Dave’s accomplishments, even when just reading them in a simple list, sound exhausting. He is the Energizer Bunny of local civic engagement and his influence reaches all across Toronto and beyond it. For his non-stop efforts, Dave Meslin is a Champion of Democracy.
The Art of Civic Engagement
As I’ve written before, I first encountered Dave through a TEDx talk he gave on apathy. I eventually met him in person a few times, the first time allowing for a lengthy discussion on electoral reform. The conversations I have had with Dave have made me realize what many others have about him.
Dave is above all deeply committed to other people and bettering their lives by improving the civic infrastructure they face in their daily lives. Dave is incredibly eloquent not just in speech but in the ideas he brings to the table. Dave is a brilliant marketer with an incredibly strong sense about what people will respond to and therefore has an incredible knowledge of how to engage others. Dave is so persuasive that it would be terrifying if not for the fact that he uses his powers for good instead of evil. Dave is honest and kind and has spent his adult life dedicating himself to those around him sometimes at the expense of himself because he is at his core a responsible citizen.
For those who don’t yet know about Dave, be on the lookout because you will. It is my belief that he is only just warming up.
You can keep up with Dave by reading his blog or following him on Twitter.
You can also visit Dave’s Fourth Wall Exhibit, which ‘explores 36 proposals for democratic renewal at City Hall’, and on display until December 31st, 2011.
Samara is a charitable organization that studies citizen engagement with Canadian democracy. Through our projects we hope to strengthen the health of our democracy and encourage others to do the same.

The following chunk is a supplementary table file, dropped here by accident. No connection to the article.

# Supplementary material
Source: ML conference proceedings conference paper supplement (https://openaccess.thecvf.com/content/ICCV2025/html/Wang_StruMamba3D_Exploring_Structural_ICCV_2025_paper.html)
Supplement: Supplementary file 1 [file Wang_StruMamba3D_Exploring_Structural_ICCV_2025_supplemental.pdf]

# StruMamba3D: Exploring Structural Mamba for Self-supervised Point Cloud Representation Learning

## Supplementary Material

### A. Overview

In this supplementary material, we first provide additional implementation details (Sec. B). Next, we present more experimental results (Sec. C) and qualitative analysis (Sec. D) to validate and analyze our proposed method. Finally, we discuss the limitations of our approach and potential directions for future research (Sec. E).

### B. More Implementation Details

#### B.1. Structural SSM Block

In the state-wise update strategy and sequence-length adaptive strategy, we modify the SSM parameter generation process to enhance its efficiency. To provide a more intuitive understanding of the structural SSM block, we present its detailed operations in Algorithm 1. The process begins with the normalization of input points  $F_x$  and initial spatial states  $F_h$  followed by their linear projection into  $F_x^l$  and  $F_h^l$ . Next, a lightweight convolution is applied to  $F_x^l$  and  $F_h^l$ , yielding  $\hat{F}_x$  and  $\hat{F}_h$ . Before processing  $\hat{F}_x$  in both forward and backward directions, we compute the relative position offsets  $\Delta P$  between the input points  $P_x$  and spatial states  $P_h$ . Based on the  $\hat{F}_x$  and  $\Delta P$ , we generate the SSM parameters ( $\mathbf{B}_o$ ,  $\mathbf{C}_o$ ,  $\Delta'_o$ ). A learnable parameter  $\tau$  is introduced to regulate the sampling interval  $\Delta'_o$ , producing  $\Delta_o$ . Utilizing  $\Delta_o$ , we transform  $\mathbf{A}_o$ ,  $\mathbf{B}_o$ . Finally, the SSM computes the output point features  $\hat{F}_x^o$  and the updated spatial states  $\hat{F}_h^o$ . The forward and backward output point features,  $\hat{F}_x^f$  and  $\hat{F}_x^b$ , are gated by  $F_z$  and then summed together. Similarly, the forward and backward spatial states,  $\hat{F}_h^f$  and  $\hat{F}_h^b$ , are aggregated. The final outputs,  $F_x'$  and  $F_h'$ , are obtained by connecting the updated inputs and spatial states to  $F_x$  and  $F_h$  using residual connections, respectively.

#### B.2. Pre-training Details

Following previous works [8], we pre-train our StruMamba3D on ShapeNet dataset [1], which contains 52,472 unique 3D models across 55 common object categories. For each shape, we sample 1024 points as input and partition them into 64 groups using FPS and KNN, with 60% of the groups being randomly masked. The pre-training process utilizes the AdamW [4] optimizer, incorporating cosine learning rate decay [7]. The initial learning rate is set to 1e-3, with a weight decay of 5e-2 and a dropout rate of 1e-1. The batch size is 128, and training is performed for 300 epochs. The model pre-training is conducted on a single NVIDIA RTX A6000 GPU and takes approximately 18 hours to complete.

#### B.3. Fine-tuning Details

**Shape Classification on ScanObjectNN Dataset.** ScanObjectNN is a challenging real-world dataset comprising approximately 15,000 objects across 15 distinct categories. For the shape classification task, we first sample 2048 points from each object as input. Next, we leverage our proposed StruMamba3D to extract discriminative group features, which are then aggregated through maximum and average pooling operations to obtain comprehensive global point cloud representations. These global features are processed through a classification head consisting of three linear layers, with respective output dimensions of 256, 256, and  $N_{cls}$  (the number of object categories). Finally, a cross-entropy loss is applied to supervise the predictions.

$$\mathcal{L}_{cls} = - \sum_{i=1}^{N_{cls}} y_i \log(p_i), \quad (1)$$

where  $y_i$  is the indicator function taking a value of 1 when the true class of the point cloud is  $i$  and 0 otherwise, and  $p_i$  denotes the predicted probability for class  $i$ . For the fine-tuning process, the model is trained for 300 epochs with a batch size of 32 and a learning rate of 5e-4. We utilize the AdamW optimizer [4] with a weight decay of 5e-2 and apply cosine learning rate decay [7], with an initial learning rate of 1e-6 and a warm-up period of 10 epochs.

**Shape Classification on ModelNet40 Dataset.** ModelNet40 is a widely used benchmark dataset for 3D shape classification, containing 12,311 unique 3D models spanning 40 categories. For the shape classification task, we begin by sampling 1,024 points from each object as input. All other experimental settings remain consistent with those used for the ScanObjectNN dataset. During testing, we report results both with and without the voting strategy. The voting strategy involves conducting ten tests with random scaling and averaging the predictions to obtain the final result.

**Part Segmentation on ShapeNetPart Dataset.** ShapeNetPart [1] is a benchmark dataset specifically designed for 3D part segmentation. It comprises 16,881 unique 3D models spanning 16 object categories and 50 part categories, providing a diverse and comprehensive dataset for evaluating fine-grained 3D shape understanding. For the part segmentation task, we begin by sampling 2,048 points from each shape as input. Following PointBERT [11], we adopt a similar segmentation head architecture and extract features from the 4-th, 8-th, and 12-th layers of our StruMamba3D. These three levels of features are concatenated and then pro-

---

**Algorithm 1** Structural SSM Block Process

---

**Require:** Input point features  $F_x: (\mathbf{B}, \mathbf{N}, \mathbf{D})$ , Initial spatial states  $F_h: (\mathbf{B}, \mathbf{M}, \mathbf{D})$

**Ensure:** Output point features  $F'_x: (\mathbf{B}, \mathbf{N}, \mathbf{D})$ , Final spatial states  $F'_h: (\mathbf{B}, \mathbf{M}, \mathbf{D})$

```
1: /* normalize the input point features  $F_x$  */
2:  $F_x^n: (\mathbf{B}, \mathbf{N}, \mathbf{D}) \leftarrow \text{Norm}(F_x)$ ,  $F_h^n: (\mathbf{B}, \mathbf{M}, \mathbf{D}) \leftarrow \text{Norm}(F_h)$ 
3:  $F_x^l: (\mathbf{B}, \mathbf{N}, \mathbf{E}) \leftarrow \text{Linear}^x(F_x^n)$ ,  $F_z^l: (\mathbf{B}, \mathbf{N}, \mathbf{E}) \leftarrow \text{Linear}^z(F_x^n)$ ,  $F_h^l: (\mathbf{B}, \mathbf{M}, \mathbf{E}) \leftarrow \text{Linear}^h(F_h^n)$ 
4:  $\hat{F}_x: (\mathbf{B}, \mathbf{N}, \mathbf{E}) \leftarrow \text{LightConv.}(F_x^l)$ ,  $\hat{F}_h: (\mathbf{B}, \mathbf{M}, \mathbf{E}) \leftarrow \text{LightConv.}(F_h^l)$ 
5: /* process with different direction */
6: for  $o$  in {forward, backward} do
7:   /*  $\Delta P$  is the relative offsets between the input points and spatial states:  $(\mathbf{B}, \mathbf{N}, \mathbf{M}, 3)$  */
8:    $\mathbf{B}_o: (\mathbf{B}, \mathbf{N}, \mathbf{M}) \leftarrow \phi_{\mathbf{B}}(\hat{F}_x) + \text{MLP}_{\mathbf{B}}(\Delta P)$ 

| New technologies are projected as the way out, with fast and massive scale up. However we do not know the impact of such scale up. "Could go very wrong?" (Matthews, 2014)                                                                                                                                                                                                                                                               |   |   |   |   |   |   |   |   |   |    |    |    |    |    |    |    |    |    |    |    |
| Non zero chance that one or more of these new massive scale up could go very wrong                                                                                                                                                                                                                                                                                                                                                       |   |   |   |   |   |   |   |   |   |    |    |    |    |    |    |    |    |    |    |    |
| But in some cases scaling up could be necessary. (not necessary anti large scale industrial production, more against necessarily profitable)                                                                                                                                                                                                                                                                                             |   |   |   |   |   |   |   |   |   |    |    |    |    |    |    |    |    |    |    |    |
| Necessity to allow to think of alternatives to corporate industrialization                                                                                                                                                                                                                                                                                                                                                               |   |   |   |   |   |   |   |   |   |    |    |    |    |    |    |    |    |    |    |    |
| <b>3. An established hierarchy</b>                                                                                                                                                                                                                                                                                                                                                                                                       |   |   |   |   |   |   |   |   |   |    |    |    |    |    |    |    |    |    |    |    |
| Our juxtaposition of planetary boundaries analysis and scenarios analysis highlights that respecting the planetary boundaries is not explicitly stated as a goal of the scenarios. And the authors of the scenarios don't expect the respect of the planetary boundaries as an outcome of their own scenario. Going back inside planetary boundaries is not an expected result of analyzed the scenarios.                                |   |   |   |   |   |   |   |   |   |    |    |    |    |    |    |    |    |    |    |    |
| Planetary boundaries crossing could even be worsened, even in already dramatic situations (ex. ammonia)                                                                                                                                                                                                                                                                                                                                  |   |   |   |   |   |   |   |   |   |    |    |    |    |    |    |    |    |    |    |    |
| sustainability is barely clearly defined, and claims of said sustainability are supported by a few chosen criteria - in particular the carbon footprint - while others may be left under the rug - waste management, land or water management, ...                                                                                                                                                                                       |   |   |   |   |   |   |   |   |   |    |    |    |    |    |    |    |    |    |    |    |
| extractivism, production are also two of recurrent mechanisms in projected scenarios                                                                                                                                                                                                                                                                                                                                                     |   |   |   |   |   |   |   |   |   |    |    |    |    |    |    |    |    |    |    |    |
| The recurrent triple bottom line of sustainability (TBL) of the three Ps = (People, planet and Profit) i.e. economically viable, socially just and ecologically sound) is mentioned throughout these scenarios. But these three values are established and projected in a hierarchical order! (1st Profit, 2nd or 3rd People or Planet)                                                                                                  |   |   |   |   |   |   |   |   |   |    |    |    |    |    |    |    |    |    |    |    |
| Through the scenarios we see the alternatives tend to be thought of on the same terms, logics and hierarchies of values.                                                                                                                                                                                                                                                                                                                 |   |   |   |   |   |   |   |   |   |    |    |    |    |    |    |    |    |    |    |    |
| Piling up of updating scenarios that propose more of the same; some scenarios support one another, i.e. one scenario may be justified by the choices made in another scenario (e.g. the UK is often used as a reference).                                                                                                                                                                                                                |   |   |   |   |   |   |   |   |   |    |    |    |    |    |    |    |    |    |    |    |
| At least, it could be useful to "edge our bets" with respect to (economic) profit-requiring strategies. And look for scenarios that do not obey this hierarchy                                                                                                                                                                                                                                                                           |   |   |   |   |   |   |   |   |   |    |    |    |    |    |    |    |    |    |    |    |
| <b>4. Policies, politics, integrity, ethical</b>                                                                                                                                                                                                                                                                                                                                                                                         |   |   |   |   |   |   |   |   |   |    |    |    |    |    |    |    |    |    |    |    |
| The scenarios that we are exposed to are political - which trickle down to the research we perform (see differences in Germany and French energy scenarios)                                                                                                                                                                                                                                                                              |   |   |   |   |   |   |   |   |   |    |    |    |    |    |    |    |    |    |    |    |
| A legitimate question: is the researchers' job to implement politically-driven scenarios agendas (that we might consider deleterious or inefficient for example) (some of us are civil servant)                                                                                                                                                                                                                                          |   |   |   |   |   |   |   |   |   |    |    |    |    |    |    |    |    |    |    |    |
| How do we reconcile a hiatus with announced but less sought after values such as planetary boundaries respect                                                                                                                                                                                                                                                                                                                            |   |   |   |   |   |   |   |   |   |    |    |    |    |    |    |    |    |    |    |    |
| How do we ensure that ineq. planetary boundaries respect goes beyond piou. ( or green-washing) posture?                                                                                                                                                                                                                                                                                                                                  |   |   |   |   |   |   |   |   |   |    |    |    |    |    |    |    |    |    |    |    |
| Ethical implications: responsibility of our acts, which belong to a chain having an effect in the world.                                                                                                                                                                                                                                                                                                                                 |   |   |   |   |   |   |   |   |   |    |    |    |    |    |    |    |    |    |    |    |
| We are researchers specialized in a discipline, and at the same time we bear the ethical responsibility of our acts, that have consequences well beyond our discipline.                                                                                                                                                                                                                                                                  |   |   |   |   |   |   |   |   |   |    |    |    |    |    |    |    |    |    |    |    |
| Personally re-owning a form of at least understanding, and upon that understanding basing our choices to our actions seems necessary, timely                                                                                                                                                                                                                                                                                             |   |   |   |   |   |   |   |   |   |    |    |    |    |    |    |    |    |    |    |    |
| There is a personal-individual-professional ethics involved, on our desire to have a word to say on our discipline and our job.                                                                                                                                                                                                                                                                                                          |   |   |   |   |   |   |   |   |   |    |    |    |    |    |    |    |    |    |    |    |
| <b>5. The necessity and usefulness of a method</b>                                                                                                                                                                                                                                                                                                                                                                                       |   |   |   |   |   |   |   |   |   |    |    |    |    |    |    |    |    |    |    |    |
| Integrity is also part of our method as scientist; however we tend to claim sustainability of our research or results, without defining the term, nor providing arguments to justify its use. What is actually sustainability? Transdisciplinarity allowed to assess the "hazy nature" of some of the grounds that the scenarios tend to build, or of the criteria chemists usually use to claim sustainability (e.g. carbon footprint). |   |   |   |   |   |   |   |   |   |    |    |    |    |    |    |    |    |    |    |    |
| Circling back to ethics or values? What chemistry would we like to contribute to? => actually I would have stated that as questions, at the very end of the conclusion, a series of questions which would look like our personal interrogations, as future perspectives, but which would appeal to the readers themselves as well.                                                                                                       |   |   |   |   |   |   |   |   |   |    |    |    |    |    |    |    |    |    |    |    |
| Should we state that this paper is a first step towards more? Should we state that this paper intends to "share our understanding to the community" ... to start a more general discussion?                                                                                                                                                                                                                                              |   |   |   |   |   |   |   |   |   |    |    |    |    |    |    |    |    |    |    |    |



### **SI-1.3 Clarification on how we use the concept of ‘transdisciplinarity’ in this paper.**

This is a CoD I have been meaning to write for a while because few organizations in Canada impress me more than Samara. Samara was founded by Alison Loat and Michael MacMillan. Loat is the executive director of this non-profit organization, a role she took on after ending a previous project she founded called Canada25. That project focused on involving young Canadians under 35 in the public policy process. The goals of Samara are similar in that the organization aims to involve Canadians in our civic discourse while producing top notch work on the state of our democracy. For this outstanding work, the staff at Samara and their executive Alison Loat are Champions of Democracy.
MP Exit Interview Reports
My favourite work of Samara’s so far are the reports they have released on our parliamentary system based on interviews with former MPs. When I first met Alison Loat at an event at my school I spoke to her about how great I thought her organization was. But it was not until I mentioned these great reports that she realized I had really poured over the organization’s material. They cover details about our parliamentarians, their experiences in parliament and within their political parties, and the advice they have for current and future MPs.
Prior to meeting Alison, I had told my professor that I would love to work for an organization like Samara and he responded that he would love to work for them as well. After meeting Alison, I was even more pleased that there is such a bright young woman out there doing such great work to help strengthen our democracy. I bumped into Alison again last month as she was once again making the case for civic participation at a conference I attended. She is a tireless campaigner for a more engaged electorate.
It is my hope and my expectation that with people as inspiring, hardworking and dedicated as Alison spending each day encouraging citizen engagement there might yet be hope for our democratic system.
The Toronto Star’s Speak Your Mind Community Blogger Project
“Speak Your Mind, a forum convened by The Toronto Star for commentary, conversation and debate around the key issues driving the Ontario provincial election campaign.”